Academic journal article European Comic Art

Between Writing and Image: A Scriptwriter's Way of Working1

Academic journal article European Comic Art

Between Writing and Image: A Scriptwriter's Way of Working1

Article excerpt

Abstract

This article concerns the way in which a comics scriptwriter works collaboratively with different artists. It traces the development of a working method with François Schuiten, the artist of the Cités obscures ['Cities of the Fantastic'] series, and the extension of the series itself beyond the two-dimensional page into other formats. The constant exchange between artist and scripwriter is stressed: each is involved in the conception of both the plotline and the visual aspects of the work. Hergé is cited as an example of an artist whose ease in conjuring images out of words and ideas from images may be termed 'graphic thinking'. It is noted, however, that the tendency of publishing houses to favour scriptwriters who predetermine the course of the album limits such inventiveness. The open-endedness that, in ideal conditions, characterises the work of the comics scriptwriter, and the thoroughgoing nature of the collaboration, is compared with the more rigid, and limited, role assigned to a film scriptwriter. A more flexible and creative process is not impossible to achieve in cinema, but it is concluded that this is rare, and that it is the comics medium that affords the greater degree of freedom and independence.

The series of albums called Les Cités obscures ['Cities of the Fantastic'] is first and foremost the fruit of a long friendship. François Schuiten and I have known each other since we were twelve-year-old pupils at the same school in Brussels. We were in the same class for three years. He never stopped drawing; I loved to write. It was not long before we set up a little magazine where we undertook just about everything, including the arduous task of producing copies with nothing but carbon paper and stencils. This endeavour bore a close resemblance to the kind of collaboration that we have subsequently developed: François took care of the images, I was responsible for the texts, and we did everything else jointly. At other times, we would both paint, under the watchful and demanding eye of his father, an architect by profession and an artist by vocation. Then I left Brussels for Paris, and we lost sight of each other for a few years. When we got back in touch, at the end of the 1970s, each of us had got closer to accomplishing our childhood ambitions. I had had two short novels published. François was one of the most active members of the 'Neuvième Rêve' ['Ninth Dream'] group, which was doing its best to shake up the rather sleepy Belgian comics scene; several of his stories had been published in the monthly magazine Métal hurlant ['Heavy Metal'].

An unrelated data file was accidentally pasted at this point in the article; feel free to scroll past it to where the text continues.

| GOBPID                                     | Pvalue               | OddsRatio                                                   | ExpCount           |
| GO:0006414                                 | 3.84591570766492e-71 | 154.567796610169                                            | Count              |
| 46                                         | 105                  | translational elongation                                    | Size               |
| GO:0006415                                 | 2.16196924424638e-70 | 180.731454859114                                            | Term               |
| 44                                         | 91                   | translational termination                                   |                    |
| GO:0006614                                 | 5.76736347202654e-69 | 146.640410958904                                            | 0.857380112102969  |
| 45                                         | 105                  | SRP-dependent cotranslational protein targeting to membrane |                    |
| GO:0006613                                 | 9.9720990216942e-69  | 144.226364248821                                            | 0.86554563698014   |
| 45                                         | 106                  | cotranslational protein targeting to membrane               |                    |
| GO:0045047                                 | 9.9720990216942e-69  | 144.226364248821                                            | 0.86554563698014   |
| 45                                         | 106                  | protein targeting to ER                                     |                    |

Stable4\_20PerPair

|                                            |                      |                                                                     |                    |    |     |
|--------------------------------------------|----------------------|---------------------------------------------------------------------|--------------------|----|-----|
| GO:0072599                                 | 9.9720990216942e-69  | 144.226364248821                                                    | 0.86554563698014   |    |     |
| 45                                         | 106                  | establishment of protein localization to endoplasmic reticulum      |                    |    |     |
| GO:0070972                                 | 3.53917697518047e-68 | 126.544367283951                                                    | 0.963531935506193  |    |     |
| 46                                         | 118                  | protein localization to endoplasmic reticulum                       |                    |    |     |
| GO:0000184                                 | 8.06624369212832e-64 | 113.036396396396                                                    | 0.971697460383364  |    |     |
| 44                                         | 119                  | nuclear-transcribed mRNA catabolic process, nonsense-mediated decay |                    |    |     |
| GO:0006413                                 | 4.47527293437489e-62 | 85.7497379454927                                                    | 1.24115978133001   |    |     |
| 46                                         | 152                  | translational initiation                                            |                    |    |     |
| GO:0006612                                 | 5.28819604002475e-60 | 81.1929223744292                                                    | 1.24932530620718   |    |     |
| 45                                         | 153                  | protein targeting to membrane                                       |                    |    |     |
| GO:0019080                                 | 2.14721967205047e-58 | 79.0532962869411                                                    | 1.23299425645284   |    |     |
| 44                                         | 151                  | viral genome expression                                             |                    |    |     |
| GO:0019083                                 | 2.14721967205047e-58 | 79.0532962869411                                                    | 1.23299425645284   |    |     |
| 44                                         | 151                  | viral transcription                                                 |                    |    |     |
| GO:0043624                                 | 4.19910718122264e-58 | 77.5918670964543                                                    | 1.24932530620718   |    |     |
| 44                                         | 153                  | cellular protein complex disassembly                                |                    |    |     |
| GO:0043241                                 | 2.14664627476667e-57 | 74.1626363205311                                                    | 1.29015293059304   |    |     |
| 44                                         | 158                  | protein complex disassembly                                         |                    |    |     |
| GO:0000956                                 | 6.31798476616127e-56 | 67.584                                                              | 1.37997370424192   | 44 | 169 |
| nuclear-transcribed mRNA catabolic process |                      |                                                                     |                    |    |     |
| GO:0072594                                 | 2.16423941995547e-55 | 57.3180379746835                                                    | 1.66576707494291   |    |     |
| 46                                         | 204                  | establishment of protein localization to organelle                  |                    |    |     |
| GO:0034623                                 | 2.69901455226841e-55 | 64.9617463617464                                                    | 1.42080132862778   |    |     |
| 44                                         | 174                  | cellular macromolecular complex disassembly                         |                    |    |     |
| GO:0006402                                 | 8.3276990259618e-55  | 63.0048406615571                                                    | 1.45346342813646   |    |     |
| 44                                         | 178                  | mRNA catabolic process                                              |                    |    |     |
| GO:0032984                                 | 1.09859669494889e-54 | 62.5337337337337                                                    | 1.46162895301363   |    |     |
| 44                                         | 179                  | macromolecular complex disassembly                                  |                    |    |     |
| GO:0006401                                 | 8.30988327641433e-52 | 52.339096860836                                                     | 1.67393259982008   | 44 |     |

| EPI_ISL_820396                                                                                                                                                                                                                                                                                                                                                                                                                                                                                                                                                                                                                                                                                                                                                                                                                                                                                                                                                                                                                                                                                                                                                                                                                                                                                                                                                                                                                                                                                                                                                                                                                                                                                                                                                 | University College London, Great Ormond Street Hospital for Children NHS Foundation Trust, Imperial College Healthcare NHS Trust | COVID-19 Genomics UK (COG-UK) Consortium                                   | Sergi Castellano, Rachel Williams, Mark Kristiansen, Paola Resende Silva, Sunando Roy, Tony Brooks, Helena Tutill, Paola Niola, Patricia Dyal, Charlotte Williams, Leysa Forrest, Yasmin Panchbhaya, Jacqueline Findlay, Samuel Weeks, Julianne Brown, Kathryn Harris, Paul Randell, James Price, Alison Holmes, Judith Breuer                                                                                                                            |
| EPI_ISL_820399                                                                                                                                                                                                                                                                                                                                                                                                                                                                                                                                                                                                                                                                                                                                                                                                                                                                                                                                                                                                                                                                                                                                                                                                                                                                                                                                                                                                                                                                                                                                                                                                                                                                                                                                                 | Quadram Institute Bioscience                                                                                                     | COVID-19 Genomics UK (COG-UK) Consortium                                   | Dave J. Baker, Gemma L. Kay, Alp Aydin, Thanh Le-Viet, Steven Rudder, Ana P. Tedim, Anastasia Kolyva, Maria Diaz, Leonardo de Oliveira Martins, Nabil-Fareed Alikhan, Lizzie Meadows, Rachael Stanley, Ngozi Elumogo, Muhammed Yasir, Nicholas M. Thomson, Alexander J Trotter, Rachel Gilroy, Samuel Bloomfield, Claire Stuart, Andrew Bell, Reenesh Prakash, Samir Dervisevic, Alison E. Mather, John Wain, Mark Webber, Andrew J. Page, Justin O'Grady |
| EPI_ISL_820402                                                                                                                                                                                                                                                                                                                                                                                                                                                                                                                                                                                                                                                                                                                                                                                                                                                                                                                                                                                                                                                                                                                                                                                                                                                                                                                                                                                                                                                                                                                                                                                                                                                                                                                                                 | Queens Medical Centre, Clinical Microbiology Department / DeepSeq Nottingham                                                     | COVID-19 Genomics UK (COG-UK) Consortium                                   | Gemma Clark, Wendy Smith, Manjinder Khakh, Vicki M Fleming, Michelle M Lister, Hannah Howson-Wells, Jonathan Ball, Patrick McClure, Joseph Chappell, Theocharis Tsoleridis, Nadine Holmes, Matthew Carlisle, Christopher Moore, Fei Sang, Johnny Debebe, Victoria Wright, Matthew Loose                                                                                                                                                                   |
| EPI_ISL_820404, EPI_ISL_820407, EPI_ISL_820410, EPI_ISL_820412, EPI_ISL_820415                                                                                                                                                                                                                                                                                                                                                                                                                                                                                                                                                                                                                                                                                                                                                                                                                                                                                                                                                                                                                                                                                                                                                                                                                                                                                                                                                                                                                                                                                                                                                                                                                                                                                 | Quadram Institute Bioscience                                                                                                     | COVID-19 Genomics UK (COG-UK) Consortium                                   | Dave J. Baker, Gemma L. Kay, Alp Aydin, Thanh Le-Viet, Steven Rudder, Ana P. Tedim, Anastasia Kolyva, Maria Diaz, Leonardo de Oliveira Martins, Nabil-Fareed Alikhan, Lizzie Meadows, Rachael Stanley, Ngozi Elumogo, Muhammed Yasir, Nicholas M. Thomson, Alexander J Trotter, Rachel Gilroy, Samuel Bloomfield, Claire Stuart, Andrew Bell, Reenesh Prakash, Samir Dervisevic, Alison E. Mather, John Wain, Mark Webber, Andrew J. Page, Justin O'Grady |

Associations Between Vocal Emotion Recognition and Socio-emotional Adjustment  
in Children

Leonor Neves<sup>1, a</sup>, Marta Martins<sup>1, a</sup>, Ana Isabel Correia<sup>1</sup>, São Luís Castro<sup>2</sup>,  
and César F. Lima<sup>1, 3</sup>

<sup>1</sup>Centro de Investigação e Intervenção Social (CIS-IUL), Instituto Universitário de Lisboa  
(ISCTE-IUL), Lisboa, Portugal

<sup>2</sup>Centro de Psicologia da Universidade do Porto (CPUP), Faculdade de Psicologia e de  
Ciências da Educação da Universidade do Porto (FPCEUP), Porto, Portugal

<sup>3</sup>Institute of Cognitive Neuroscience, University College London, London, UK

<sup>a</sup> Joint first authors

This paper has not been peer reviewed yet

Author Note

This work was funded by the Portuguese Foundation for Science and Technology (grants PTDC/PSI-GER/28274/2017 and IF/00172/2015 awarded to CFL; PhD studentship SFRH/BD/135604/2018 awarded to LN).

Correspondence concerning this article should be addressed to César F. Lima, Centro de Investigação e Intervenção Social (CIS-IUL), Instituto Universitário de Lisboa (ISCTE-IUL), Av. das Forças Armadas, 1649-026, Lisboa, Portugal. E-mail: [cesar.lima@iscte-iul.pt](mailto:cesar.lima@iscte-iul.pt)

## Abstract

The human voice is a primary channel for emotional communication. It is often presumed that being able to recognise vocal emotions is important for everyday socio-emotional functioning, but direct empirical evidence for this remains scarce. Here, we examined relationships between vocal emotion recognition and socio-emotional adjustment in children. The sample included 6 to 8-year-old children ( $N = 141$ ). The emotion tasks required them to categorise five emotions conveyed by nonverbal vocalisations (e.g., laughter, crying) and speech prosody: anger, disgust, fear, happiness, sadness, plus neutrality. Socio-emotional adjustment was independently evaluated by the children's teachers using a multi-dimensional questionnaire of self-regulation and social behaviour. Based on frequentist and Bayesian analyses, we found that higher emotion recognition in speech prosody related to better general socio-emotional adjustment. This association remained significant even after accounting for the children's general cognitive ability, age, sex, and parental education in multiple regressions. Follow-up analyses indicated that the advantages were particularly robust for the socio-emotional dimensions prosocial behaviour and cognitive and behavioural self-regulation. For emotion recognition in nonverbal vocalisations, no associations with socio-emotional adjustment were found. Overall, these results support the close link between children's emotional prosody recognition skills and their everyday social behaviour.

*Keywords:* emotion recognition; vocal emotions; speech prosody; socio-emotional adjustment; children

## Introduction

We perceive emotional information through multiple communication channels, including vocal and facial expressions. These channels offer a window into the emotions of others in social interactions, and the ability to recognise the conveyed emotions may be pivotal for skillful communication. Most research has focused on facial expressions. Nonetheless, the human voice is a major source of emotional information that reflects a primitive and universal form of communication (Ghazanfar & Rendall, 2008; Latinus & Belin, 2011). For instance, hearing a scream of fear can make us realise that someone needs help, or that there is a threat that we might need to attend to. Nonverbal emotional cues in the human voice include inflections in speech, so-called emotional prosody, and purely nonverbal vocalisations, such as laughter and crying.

It rapidly became obvious to both of us that we wanted to create a story together. But it was less obvious what story this could be. It was not clear how François's penchant for science-fictional images and his passion for architecture could be reconciled with my literary tastes and my love for Hergé's work. Our first album, Les Murailles de Samaris ['The Great Walls of Samaris'],2 very much represents a search for common ground between two people from different imaginative worlds. It was in this album that we developed our working relationship, by feeling our way and gradually finding things out. The mixture of a narrative that was mainly written as a 'voiceover' and images that were sometimes bordering on the illustrative enabled us to fine-tune our method and to get two still quite disjointed elements to work together. In the same way that François had worked out one successful mode of collaboration with his brother Luc, and then another with Claude Renard, he had to establish a quite different one with me, given that my background was in literature more than graphic art. And I had to take on board the practical demands of the comics medium, and the particularities of François's style.

We never created Les Cités obscures. I mean that there was no moment when we took the decision to embark on a series of that name. After Les Murailles de Samaris, we wanted to produce another album, set in the same imaginative universe, even if it did not feature the same city or the same character, or even the same graphic technique: this was La Fièvre d'Urbicande ['Fever in Urbicande']. …

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